The Digital Frontiers Institute (DFI) was founded two years ago to address the human capital gap in the fintech industry. Its growth and success in developing fintech capability now enables the institute to make an even bigger impact, and their latest funding round sees seed investor The Omidyar Network re-investing for the third time, and second round investors the Bill & Melinda Gates Foundation and FSD Africa coming on board again to help accelerate the DFI’s growth path.
DFI has already trained 2 326 students in 18 cohorts across its seven courses over the last 2 years. These figures far outstrip the company’s two-year targets of over 1,150 students trained in at least the foundational course. More than 1100 students completed the Certificate in Digital Money (CIDM) course alone. Of these, 32% were female, higher than the average gender balance of 26% in the technology and fintech sectors. Students represented more than 600 organisations in 85 countries, including 33 countries from sub-Saharan Africa alone. CIDM graduates represented 131 financial service providers, 54 multi-national organisations and 21 governments.
With new funding behind them and new courses launching monthly, CEO and co-founder Gavin Krugel reflects on DFI’s current track record and the next steps along its growth path in the immediate future. “We were initially incubated as a sponsored project under Rockefeller Philanthropy Advisors. DFI was built as a lean start-up intending to develop human capital and capacity for where it’s needed in the fintech sector. In the two years since launch, we have worked with professionals and organisations across 80 different countries. The market demand far outstripped our initial projections,” says Krugel.
DFI’s approach to learning differs significantly from online-only courses: students are required to actively engage in digital classroom discussions, attend class calls and to physically attend communities of practice (COPs). In total, 817 professionals took part in 365 physical COP meetings in 18 cities. Switch, DFI’s online platform for the league of digital finance professionals, now boasts 1 417 members and 775 knowledge resources.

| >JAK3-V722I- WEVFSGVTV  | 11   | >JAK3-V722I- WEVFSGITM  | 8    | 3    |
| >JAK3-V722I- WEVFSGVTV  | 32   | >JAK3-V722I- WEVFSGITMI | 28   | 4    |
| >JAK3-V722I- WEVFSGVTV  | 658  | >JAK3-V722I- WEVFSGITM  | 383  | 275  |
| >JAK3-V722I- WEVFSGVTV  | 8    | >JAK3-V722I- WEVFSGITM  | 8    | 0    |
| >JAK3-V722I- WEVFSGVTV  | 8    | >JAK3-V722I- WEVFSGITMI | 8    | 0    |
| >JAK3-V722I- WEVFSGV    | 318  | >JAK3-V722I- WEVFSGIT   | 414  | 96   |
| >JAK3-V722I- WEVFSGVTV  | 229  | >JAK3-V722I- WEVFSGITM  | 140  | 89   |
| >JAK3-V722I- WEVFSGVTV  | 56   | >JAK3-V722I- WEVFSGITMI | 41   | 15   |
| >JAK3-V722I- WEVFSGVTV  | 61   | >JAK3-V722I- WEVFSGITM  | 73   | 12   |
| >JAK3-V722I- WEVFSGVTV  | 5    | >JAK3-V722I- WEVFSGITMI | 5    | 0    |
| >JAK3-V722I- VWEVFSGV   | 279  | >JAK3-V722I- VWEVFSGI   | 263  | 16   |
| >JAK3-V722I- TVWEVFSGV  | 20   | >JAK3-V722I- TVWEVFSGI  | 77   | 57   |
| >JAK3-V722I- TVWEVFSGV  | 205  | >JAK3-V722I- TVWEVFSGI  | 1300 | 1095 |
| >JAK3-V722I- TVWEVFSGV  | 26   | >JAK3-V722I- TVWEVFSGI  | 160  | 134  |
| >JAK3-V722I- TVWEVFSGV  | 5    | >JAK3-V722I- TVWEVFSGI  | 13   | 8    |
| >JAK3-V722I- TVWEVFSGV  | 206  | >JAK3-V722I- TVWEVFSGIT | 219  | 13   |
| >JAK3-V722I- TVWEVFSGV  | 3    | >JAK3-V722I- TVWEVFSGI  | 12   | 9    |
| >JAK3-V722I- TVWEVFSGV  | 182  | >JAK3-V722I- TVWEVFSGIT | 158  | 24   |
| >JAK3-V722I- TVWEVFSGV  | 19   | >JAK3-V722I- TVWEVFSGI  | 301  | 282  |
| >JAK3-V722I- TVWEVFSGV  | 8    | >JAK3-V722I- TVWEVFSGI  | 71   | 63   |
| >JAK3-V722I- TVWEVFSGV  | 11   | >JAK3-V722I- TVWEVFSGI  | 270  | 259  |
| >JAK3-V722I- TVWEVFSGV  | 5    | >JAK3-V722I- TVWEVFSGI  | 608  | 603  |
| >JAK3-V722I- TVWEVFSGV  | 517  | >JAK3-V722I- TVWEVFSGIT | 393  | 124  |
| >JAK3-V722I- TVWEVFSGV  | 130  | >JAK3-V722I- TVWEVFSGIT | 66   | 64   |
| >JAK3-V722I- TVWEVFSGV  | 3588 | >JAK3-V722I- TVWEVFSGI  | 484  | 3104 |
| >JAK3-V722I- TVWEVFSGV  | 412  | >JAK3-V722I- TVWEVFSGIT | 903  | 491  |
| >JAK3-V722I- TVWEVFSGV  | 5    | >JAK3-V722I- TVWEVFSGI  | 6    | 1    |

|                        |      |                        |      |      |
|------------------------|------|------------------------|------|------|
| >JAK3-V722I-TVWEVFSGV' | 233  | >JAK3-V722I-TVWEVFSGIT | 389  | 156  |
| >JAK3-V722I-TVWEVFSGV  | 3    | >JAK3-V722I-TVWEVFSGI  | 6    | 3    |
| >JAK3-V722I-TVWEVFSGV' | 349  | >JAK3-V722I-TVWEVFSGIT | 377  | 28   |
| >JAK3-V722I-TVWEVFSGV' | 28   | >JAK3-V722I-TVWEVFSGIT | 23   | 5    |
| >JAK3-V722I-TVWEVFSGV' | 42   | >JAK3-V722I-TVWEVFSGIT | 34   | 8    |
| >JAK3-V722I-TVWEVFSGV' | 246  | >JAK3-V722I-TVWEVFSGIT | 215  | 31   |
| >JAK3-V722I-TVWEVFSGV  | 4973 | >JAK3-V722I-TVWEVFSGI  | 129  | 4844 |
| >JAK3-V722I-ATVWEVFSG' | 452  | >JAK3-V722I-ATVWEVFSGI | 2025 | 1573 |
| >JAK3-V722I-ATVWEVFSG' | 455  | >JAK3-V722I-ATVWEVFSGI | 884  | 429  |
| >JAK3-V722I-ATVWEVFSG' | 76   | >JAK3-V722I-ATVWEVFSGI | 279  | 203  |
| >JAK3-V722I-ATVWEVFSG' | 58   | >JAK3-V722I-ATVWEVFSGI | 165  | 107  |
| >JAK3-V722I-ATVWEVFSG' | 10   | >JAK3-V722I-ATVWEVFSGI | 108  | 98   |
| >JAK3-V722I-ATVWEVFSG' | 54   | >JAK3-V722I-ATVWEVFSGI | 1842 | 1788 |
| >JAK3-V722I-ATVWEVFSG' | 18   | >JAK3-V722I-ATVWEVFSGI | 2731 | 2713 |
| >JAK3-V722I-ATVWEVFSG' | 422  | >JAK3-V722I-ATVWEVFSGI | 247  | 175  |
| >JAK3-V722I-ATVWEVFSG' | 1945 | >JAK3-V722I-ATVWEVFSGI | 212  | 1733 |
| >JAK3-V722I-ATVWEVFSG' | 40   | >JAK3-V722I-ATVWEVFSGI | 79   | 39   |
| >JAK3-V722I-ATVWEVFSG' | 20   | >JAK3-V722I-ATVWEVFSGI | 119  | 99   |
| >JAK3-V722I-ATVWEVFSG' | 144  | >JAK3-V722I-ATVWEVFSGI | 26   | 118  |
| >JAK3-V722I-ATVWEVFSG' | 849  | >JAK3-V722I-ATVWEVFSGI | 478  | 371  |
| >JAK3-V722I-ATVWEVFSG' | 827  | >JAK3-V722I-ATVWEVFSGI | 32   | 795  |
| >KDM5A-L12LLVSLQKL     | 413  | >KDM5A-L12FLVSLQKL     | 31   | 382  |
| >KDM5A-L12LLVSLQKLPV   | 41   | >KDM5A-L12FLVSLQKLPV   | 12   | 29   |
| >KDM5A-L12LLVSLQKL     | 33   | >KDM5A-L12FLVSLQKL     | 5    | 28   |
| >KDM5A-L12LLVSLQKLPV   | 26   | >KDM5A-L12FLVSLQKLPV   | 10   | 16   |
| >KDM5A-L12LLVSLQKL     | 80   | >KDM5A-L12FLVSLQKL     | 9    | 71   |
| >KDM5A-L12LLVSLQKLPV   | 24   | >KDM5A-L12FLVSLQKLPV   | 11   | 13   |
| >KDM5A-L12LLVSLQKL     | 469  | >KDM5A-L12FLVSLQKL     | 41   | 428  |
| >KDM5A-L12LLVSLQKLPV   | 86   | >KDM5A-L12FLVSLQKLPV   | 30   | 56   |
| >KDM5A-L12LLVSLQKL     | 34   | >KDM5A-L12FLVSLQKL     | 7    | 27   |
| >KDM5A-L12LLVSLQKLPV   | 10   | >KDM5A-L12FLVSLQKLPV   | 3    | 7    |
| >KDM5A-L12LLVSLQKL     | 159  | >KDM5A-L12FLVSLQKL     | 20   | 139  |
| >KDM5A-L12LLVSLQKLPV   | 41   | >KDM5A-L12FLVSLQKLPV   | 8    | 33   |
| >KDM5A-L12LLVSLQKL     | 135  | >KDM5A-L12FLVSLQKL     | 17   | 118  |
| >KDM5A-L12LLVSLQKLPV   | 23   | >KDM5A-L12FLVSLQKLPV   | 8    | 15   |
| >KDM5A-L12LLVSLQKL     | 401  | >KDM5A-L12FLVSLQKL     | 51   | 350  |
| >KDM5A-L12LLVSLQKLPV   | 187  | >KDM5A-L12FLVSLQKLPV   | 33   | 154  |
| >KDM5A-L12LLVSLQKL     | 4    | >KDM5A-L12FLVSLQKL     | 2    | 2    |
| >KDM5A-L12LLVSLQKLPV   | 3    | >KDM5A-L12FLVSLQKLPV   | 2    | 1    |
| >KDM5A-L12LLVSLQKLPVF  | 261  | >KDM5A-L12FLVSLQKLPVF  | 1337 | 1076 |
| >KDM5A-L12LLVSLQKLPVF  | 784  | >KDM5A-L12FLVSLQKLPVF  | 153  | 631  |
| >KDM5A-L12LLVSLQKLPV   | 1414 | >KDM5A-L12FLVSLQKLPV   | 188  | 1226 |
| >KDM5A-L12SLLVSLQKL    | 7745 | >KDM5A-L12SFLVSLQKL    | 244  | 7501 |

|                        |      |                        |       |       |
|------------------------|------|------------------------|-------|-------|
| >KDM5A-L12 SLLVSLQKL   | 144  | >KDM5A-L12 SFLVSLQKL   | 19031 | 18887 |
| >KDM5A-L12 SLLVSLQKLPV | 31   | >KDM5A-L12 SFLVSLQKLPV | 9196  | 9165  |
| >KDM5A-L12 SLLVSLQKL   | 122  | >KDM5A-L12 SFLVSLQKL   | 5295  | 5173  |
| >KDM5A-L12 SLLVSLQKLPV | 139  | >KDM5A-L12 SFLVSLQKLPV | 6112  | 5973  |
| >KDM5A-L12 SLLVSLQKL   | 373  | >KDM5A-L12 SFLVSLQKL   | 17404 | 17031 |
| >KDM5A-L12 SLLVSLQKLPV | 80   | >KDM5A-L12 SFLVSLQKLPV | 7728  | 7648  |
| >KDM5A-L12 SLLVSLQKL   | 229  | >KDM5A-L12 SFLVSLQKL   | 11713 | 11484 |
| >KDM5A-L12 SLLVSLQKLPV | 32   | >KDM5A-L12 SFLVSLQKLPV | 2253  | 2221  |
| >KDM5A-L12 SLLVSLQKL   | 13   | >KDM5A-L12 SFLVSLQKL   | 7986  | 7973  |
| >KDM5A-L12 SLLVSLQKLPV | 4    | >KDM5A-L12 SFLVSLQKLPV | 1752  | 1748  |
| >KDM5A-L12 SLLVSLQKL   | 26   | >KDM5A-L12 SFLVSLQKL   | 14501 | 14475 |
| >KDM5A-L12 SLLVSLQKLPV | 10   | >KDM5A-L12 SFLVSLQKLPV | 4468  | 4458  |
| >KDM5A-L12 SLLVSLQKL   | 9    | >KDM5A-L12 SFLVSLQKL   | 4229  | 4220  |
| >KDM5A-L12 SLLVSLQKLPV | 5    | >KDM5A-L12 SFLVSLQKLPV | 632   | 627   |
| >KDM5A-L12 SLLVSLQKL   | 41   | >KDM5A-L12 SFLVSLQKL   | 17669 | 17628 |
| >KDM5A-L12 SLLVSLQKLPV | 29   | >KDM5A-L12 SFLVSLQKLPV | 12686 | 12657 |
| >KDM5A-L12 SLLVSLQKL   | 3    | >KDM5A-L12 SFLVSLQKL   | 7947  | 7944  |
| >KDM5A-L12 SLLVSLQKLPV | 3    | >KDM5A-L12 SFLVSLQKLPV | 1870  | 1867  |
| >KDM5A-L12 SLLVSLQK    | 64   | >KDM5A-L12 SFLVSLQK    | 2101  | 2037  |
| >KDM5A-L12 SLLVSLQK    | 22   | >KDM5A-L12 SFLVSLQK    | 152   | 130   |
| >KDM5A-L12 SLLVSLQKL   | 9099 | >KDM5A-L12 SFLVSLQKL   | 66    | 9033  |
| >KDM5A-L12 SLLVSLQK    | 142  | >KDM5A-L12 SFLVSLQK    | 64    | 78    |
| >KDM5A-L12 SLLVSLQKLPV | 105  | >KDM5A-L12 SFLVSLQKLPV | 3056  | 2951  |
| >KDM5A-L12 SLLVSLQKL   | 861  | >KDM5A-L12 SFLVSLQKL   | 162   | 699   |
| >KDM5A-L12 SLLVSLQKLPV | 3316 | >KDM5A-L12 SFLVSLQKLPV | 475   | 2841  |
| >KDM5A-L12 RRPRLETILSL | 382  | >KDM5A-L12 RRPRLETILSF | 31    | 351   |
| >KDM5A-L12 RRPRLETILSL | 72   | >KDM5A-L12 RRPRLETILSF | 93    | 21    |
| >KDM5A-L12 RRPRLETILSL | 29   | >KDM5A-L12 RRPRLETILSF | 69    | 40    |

“Unlike traditional online education programmes, DFI’s digital campus has achieved very high engagement from students,” points out Krugel. Compared to industry average completion rates of 11%, DFI’s pass and completion rates over the past two years are exceptional, with 87% of students completing their course, and 88% of completing students achieving a pass. 91% of students reported enjoying the overall learning experience and learning a lot during the course.
With further funding of $10 million from the Bill & Melinda Gates Foundation, Omidyar Networks and FSD Africa, DFI will be scaling up to meet latent demand, expand course access and offerings. DFI has launched the new Chartered Digital Finance Practitioner (CDFP) certification, which will incorporate between 15 to 22 courses, and will provide students with a 360-degree understanding of the digital financial services industry, establishing digital finance as a recognised profession. DFI is also pleased to announce that it has secured $650 000 worth of scholarships from FSD Africa for qualifying students who need financial support to complete the CDFP programme.
According to Juliet Munro, Inclusive Finance Director at FSD Africa, “DFI’s mission is to build a cadre of digital finance professionals, which fits perfectly with our vision for the sector. Digital finance is an important aspect of success in financial inclusion, providing the necessary building blocks for the future. There is such a dearth of necessary digital finance skills in Africa. DFI’s work is key to building that capacity.”
DFI is also exploring the possibility of expanding its course offering to include other digital frontiers including digital primary and triage healthcare, as well as online undergraduate degrees to help address the significant shortage of space for students in existing universities in Southern Africa.
Digital Frontiers Institute (DFI) prepares tomorrow’s fintech leaders for the challenges and opportunities they will encounter in a fast-changing and disruptive landscape. Through online executive education courses, targeted research into the fintech industry, and its growing league of industry professionals, DFI builds capabilities with the view to bridge capacity gaps that exist especially in developing markets. DFI’s new Chartered Digital Finance Practitioner certification is aimed at graduates who want to pursue a professional career in digital finance, with specialisations in regulation, customers and technology.
Contact Digital Frontiers Institute
Digital Frontiers Institute (NPC)
3rd Floor, 113 Loop Street,
Cape Town, South Africa
T: +27 (0)21 276 1928